Where is he? He’s never late. Ivy wondered. But instead of being upset that her dad hadn’t come yet to pick her up for the weekend, she decided to take the opportunity to relax. It had been a busy week, with soccer practice every night, before-school chamber orchestra practices, a piano lesson, mountains of homework, and the spring art show the previous night.
Even though she loved hanging out with her dad, she wasn’t really looking forward to the coming weekend. She missed how things used to be with her dad before the divorce, back when it was the two of them hanging out. They’d always gone on lots of adventures together and would laugh the whole time. Her dad could make absolutely anything fun. One of her favorite things to do with her dad was to people-watch in public places. They would make up scenarios and narrate what strangers were thinking or saying. But now, there was always a girlfriend tagging along—and it usually wasn’t the same one. Ivy didn’t feel like she could be herself around any of these women, and she didn’t know why they always had to come along. Ivy thought it was obvious that none of those women were even remotely compatible with her dad. She didn’t know why her dad couldn’t see it. She was convinced that her mom and dad still belonged together; they’d just lost their connection. Everyone else told her that she was just having trouble accepting the reality of the divorce, that she was in denial.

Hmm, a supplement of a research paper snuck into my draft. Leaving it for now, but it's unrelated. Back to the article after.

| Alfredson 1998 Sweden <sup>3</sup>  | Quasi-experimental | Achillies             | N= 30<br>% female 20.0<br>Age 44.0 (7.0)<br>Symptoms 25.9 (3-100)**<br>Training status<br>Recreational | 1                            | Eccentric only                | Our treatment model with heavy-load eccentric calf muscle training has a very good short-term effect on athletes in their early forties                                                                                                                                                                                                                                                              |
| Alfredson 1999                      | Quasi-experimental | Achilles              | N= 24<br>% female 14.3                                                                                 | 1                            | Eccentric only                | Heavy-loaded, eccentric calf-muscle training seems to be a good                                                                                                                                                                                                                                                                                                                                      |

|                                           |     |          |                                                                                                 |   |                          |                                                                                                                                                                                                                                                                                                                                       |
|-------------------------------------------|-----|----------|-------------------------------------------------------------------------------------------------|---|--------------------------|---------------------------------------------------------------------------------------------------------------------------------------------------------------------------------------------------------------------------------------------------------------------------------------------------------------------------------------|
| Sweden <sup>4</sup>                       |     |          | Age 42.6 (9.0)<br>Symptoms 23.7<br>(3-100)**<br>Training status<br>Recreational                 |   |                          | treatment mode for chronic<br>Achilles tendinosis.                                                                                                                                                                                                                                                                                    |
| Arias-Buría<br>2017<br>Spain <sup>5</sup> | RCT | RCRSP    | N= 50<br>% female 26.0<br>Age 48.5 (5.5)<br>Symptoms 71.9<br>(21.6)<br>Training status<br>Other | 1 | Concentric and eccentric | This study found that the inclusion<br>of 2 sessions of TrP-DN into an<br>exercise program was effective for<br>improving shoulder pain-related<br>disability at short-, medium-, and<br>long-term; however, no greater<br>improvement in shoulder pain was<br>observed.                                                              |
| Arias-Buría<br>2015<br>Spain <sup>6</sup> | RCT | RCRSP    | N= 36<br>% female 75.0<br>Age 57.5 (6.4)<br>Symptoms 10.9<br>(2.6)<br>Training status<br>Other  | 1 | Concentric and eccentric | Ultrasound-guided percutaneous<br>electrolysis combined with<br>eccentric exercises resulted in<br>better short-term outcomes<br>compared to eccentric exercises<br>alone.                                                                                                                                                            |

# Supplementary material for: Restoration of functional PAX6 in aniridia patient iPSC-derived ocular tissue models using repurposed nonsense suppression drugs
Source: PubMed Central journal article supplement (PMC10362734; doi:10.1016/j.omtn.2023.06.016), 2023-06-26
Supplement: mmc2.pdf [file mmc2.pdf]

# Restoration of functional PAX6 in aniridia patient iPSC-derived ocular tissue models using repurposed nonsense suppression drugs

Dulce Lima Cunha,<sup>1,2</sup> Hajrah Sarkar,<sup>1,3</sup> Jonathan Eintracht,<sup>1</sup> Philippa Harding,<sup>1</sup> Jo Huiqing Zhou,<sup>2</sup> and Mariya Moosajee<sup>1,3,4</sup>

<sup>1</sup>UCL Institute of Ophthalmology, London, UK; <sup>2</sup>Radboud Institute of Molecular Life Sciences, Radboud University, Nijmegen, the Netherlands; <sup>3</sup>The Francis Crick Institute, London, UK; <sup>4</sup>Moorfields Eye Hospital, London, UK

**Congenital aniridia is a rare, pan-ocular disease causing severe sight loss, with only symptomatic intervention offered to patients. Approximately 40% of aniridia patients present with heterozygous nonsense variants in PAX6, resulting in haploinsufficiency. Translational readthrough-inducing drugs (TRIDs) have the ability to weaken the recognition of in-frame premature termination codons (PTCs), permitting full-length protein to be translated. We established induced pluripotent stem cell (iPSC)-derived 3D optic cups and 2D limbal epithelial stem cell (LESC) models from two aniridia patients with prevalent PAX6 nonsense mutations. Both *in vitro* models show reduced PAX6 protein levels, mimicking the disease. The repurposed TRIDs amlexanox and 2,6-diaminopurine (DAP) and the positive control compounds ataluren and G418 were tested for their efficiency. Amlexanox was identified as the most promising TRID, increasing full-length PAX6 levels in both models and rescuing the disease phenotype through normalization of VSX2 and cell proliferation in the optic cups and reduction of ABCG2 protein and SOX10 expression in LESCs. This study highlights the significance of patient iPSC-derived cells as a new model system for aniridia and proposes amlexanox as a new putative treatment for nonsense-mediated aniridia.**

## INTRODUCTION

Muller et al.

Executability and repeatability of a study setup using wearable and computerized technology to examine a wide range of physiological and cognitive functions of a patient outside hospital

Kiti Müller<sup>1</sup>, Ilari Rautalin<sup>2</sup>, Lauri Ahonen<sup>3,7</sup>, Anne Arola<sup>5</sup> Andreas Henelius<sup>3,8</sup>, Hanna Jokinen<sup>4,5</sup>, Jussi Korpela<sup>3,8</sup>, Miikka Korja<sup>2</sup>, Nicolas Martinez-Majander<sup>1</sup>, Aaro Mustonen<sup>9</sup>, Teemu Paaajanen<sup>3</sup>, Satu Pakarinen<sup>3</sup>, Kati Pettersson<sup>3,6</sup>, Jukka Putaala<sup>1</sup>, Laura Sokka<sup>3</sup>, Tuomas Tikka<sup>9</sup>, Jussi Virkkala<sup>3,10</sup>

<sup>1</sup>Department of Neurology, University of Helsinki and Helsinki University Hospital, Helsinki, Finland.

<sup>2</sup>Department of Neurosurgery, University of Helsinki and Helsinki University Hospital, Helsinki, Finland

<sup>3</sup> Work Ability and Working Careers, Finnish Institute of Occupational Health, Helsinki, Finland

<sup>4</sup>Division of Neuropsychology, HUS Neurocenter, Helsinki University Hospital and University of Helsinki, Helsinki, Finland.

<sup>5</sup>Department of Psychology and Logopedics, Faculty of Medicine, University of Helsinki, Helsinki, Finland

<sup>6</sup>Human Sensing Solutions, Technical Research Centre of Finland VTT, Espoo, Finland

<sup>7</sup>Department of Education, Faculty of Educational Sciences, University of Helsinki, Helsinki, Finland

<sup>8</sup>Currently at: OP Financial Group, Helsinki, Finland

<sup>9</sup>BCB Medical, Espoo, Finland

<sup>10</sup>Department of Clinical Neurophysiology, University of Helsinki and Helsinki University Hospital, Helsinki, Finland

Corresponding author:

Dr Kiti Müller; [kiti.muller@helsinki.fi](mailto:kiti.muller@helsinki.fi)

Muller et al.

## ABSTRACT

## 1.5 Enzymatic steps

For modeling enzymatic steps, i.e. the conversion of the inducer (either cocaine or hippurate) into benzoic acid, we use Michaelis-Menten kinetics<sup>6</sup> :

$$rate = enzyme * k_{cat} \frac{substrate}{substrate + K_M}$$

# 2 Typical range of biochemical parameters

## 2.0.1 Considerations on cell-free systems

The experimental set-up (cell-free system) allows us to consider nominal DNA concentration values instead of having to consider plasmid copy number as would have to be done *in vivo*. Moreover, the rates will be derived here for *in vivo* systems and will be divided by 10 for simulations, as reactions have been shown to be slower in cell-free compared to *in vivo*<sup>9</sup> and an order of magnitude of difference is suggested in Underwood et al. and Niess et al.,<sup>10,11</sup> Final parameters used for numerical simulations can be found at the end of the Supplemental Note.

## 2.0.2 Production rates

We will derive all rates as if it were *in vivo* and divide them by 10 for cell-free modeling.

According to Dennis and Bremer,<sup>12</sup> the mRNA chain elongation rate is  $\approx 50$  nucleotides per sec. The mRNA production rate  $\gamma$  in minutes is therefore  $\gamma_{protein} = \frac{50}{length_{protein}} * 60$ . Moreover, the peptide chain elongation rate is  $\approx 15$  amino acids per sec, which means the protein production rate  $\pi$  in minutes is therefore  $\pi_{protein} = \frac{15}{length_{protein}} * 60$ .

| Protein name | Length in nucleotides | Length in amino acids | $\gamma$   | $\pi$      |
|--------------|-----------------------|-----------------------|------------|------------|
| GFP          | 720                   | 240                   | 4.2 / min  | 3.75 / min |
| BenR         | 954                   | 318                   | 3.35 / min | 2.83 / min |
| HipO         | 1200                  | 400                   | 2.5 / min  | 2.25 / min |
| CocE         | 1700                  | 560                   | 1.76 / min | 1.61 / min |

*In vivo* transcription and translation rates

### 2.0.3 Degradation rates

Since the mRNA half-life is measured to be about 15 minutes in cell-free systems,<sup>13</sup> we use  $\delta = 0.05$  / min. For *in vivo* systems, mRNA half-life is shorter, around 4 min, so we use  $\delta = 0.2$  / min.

And lately, thought Ivy, there was the endless nit-picking. When did Dad become such a nitpicker? He would drill her on everything from mundane things like, “Did you brush your teeth?” and “Did you pack your snack?” or “How much water did you drink today?” to “Have you researched any colleges and scholarship opportunities?” I’m fourteen, Dad. Take it easy.
She found herself remembering the time he’d called from Colorado, during a skiing trip with his friends. His first question was about how much fiber I’d had that day, thought Ivy. Who asks that? Not to mention who asks their 14-year-old daughter that? I mean, how socially awkward. Like right away, too, before you talk about normal stuff like what you did that day, or what made you laugh recently? You didn’t ask me what I’d been reading, or what I found interesting? How I’d helped to make the world a better place today? If there is anything on my mind? Nope, none of that. It’s just so weird, Dad. She knew that her dad’s urge to control every detail was just his anxiety popping up, but it wasn’t fun to be around him when he was like that. Her dad just didn’t seem to be happy and it seemed he felt the need to make others feel his unhappiness too, through his constant badgering and complaining that things weren’t quite meeting his unrealistic expectations.
He’s never late, so he must have a pretty decent excuse, she decided. She didn’t even feel like doing Instagram, so just closed her eyes and melted into her mom’s awesome couch.